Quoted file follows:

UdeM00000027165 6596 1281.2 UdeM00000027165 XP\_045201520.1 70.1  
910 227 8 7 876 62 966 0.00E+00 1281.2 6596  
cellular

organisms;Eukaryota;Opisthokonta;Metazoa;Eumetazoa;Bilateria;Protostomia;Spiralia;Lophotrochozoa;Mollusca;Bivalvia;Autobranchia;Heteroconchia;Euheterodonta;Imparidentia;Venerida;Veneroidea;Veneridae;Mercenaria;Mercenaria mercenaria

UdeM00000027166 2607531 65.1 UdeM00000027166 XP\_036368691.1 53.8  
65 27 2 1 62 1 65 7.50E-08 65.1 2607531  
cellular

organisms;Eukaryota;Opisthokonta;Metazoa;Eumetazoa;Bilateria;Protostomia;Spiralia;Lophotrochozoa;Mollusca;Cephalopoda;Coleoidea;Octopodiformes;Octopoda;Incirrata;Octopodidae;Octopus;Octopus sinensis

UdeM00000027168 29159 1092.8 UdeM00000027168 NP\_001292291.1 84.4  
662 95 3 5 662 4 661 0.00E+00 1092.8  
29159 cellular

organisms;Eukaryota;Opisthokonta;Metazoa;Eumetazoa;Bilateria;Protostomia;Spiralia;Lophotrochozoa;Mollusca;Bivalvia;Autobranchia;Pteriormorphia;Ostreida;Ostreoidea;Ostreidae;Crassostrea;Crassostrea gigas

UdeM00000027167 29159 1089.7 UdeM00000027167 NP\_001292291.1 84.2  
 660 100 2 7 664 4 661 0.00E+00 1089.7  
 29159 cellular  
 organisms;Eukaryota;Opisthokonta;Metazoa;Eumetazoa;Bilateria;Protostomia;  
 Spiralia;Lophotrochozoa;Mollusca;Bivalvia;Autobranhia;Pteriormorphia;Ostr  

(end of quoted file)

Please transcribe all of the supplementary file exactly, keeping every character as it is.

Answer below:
UdeM00000027165 6596 1281.2 UdeM00000027165 XP\_045201520.1 70.1  
910 227 8 7 876 62 966 0.00E+00 1281.2 6596  
cellular

organisms;Eukaryota;Opisthokonta;Metazoa;Eumetazoa;Bilateria;Protostomia;Spiralia;Lophotrochozoa;Mollusca;Bivalvia;Autobranchia;Heteroconchia;Euheterodonta;Imparidentia;Venerida;Veneroidea;Veneridae;Mercenaria;Mercenaria mercenaria

UdeM00000027166 2607531 65.1 UdeM00000027166 XP\_036368691.1 53.8  
65 27 2 1 62 1 65 7.50E-08 65.1 2607531  
cellular

organisms;Eukaryota;Opisthokonta;Metazoa;Eumetazoa;Bilateria;Protostomia;Spiralia;Lophotrochozoa;Mollusca;Cephalopoda;Coleoidea;Octopodiformes;Octopoda;Incirrata;Octopodidae;Octopus;Octopus sinensis

UdeM00000027168 29159 1092.8 UdeM00000027168 NP\_001292291.1 84.4  
662 95 3 5 662 4 661 0.00E+00 1092.8  
29159 cellular

organisms;Eukaryota;Opisthokonta;Metazoa;Eumetazoa;Bilateria;Protostomia;Spiralia;Lophotrochozoa;Mollusca;Bivalvia;Autobranchia;Pteriormorphia;Ostreida;Ostreoidea;Ostreidae;Crassostrea;Crassostrea gigas

UdeM00000027167 29159 1089.7 UdeM00000027167 NP\_001292291.1 84.2  
 660 100 2 7 664 4 661 0.00E+00 1089.7  
 29159 cellular  
 organisms;Eukaryota;Opisthokonta;Metazoa;Eumetazoa;Bilateria;Protostomia;  
 Spiralia;Lophotrochozoa;Mollusca;Bivalvia;Autobranhia;Pteriormorphia;Ostr  